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The Internet Sucks: Or, What I Learned Coding X-Wing vs. TIE Fighter
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The Internet Sucks: Or, What I Learned Coding X-Wing vs. TIE Fighter

September 3, 1999 Article Start Previous Page 5 of 6 Next

Lessons Learned (The Internet Sucks)

First lesson: If all players dial into the same phone number, you are not testing the Internet. You are testing the modems and the POP server, but you are not testing the Internet. It’s obvious when you think about it. Your packets go over the modem to the POP server, and it sends them right back out to the other player. The packets never get past the POP server.

When we finally tried our game on some real network connections, it would fail within seconds. We were mystified. It worked great on the LAN, even with 500ms of artificial latency. When we ran some diagnostics we discovered that we were seeing some simply unbelievable latencies. 5 and 10 seconds was frequent, and we saw some as long as 50 seconds! Our game would simply fall apart under those conditions.

What was actually happening was that a packet would get lost. The TCP protocol specifies that packets will always be delivered, and furthermore, that they will always be delivered in order. TCP uses a system of acknowledgements to verify that packets are successfully delivered, and will re-send packets if they are lost in transmission. The "in order" specification means that if a packet must be re-sent, the packets that follow it are delayed until the lost packet is received. The problem is that when an Internet connection starts dropping packets, it becomes very likely that the re-sent packet will also get dropped. This means it can take several seconds for a packet to arrive at its destination.

Lesson two: TCP is evil. Don’t use TCP for a game. You would rather spend the rest of your life watching Titanic over and over in a theater full of 13 year old girls. First of all, TCP refuses to deliver any of the other packets in the stream while it waits for the next "in order" packet. This is why we would see latencies in the 5-second range. Second of all, if a packet is having a tough time getting to its destination, TCP will actually stop re-sending it! The theory is that if packets are being dropped that it's due to congestion. Therefore, it is worthless to try re-sending because that will only make the congestion worse. So TCP will actually stop sending packets, and start sending occasional little test packets. When the test packets start to get through reliably, TCP will gradually start sending real packets again. This "slow re-start" algorithm explains why we would see latencies in the 50-second range.

Lesson three: Use UDP. The solution to this evil protocol seems simple at first. Don’t use TCP, use UDP instead. Unlike TCP, UDP is an unreliable protocol. It does nothing to guarantee that a packet is delivered, and it does nothing to guarantee that a packet is delivered in order. In other words, it does nothing. So if you really need a packet to be delivered, you need to handle the re-sending and acknowledgements. There is one other extremely annoying thing about UDP. Modem connections are made using a protocol called PPP. When you end TCP packets over a PPP connection, it does some very clever compression of the Internet header data, reducing it from 22 bytes to 3 bytes (or less). When you send UDP packets over a PPP connection it does not perform this clever compression and sends the entire 22-byte header over the modem. So if you are using UDP, you shouldn’t send small packets.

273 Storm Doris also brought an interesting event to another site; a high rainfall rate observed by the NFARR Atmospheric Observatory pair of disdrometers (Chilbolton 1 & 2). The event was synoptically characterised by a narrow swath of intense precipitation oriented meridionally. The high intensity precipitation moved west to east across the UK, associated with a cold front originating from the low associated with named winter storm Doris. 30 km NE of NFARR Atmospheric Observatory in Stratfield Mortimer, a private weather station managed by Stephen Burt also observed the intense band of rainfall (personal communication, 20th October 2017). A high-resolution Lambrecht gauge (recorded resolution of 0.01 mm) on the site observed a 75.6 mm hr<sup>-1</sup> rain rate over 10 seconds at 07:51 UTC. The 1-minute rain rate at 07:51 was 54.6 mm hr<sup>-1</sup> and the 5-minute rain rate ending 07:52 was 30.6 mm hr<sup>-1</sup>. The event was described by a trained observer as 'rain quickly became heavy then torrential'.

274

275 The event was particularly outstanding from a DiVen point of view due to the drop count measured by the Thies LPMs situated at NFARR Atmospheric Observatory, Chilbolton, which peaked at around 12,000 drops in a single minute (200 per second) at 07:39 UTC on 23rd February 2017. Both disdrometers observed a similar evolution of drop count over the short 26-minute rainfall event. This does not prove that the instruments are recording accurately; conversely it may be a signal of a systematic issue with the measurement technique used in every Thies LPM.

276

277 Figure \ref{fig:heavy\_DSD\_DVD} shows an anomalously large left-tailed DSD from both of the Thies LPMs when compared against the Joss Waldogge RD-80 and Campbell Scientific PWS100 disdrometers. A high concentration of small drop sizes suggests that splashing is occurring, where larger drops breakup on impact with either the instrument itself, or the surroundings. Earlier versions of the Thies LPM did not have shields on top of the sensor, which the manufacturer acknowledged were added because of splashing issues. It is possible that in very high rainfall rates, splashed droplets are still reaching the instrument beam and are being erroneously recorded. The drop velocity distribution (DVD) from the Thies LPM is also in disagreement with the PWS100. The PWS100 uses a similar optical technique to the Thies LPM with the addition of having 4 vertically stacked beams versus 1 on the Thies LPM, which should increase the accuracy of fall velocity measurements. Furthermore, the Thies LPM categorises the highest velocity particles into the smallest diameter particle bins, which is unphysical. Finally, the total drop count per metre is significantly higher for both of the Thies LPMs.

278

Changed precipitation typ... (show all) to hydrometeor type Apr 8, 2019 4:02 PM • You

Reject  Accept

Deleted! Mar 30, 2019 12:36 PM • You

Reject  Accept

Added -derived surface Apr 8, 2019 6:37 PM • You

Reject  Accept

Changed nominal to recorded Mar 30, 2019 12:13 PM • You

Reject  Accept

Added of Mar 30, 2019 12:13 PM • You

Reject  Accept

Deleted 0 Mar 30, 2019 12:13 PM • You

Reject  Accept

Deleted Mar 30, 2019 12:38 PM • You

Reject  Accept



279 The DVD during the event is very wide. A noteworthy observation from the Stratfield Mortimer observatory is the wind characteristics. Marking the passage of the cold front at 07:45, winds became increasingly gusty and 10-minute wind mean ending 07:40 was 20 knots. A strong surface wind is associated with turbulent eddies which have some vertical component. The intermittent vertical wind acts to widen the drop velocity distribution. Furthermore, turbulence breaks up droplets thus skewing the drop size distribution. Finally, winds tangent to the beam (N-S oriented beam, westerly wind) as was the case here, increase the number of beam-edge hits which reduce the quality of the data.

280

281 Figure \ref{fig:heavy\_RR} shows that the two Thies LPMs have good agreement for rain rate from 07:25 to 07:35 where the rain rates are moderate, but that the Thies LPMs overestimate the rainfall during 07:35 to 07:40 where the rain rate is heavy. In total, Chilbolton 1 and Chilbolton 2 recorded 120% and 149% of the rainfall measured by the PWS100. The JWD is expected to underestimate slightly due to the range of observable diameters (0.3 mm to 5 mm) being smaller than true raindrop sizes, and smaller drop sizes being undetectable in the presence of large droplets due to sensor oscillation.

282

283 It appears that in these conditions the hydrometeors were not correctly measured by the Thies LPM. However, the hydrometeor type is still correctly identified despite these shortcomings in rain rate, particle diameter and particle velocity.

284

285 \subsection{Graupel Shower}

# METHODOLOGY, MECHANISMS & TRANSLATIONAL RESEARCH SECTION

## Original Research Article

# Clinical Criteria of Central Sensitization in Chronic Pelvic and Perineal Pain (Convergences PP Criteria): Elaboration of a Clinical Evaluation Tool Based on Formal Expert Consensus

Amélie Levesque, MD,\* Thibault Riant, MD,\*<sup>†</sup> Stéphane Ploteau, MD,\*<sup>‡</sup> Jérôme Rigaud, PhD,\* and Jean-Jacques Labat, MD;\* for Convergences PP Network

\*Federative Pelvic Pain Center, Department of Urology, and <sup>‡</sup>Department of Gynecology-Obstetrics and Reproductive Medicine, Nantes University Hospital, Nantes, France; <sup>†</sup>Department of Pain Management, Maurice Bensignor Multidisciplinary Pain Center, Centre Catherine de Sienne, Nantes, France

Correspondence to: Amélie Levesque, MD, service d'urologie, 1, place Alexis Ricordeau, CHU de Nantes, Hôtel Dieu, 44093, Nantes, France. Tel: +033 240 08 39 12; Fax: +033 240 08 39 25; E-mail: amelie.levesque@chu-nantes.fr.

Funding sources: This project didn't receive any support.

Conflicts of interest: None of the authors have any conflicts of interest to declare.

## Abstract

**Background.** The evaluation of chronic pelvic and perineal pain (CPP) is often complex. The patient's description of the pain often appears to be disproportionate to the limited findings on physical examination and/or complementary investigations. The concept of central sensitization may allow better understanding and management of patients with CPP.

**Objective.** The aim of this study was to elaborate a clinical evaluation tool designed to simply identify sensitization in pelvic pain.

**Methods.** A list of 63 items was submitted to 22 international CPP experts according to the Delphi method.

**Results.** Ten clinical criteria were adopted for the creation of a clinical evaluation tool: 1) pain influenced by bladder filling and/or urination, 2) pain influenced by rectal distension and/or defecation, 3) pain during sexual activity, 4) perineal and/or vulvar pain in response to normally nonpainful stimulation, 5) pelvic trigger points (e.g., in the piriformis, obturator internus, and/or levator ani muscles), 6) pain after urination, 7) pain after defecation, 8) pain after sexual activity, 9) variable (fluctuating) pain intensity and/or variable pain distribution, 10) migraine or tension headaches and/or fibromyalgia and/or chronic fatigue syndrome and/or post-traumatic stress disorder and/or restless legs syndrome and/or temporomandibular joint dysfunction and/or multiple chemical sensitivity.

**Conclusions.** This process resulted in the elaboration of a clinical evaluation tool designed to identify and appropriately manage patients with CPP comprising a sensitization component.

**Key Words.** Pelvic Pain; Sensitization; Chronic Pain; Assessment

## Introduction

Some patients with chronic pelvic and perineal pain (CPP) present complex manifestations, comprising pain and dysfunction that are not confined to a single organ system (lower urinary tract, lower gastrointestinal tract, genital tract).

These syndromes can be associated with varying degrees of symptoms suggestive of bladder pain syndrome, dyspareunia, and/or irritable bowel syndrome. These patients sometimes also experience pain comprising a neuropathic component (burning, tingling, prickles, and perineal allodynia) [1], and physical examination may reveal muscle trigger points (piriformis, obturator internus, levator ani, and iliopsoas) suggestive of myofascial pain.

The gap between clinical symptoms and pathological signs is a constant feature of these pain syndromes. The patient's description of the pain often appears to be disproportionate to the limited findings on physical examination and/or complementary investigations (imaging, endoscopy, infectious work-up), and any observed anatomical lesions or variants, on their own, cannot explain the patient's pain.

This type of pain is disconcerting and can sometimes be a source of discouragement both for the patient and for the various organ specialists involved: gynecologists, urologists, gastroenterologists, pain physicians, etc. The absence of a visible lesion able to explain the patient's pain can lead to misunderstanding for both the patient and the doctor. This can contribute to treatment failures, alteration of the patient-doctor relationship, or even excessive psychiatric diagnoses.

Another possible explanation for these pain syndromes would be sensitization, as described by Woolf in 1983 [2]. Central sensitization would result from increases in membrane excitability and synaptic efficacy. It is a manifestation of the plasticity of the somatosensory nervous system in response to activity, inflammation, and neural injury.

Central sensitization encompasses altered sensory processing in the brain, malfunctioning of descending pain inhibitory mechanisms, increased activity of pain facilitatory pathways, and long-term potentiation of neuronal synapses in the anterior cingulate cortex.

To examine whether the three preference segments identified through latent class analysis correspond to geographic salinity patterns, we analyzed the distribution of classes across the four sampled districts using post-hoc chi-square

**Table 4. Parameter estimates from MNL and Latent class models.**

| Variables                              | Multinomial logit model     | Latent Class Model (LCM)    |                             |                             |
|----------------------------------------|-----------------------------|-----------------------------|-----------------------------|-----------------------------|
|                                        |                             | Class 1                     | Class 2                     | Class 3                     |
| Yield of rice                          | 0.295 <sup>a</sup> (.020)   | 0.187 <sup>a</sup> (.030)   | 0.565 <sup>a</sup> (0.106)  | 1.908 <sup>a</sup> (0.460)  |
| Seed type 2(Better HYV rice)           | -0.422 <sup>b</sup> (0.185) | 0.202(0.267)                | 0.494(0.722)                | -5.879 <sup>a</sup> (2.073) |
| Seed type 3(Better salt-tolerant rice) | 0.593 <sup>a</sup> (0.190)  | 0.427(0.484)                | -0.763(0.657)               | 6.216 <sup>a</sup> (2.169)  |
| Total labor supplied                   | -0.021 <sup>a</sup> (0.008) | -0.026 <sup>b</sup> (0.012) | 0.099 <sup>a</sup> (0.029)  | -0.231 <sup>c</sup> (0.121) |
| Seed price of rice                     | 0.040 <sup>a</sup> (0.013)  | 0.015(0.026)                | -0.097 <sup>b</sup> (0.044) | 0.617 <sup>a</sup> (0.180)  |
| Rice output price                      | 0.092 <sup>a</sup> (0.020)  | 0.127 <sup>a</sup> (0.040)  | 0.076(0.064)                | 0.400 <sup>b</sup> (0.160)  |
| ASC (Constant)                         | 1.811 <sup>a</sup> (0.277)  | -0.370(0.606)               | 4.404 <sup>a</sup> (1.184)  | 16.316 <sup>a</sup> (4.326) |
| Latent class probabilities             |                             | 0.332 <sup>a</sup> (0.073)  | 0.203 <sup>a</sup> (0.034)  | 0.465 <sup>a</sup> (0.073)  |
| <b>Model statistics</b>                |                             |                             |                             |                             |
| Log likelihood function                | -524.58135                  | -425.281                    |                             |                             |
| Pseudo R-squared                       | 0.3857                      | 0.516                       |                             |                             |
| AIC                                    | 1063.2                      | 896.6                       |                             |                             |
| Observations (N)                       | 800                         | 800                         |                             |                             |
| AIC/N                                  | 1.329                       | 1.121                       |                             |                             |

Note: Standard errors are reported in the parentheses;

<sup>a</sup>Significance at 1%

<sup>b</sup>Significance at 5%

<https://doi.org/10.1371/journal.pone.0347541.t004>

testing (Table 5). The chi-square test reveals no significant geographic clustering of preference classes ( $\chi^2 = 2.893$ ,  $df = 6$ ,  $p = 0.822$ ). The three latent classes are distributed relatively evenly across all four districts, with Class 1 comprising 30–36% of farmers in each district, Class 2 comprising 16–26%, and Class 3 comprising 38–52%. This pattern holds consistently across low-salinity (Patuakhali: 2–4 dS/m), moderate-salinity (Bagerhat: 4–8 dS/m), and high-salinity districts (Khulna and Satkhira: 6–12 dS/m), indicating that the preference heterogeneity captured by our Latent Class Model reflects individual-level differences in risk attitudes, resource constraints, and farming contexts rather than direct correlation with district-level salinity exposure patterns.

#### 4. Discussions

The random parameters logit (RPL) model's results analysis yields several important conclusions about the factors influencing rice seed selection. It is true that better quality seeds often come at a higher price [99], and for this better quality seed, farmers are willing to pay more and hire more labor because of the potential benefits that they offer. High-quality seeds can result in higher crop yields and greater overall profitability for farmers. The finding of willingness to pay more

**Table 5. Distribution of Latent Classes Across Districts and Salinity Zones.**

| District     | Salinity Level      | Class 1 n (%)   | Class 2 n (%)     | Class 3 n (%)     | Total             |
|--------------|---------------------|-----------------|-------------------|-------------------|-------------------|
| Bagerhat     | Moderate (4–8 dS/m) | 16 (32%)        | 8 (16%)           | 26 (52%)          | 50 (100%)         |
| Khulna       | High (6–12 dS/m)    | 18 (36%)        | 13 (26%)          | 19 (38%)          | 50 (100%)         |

Of course, our network system absolutely requires that every packet be delivered. If TCP actually worked, this would not be a problem. But TCP is hopelessly broken, so we had to write our own protocol to handle acknowledgements and re-sends. Unfortunately, we didn’t realize that right away, and it took us awhile to get there.

Our first step was to switch from TCP to UDP. This was as simple as passing a flag to DirectPlay. Of course, now the game would fail miserably as soon as the first packet was dropped. So, we implemented a simple re-sending mechanism to handle the dropped packets. This seemed to work a little better, but occasionally things would go horribly wrong exactly as they had before. Our first guess was that DirectPlay was actually ignoring the flag and using TCP anyway. But our diagnostics quickly showed us that the problem was even more evil than Microsoft: it was the Internet.

Lesson four: UDP is better than TCP, but it still sucks. We expected packets to be dropped occasionally, but the Internet is much worse than that. It turned out that on some connections, about every fifth packet we sent would just disappear into the Ethernet. When they say UDP is unreliable, they aren’t kidding! Our simple re-sending mechanism just didn’t perform well enough under these conditions. It was quite common for a re-sent packet to be dropped, and we saw several cases where the original packet and 4 or 5 re-sends of that packet would all be dropped. We were re-sending so many packets, we were starting to exceed the bandwidth of the modem, and then the latency would start to climb, and all hell would break loose.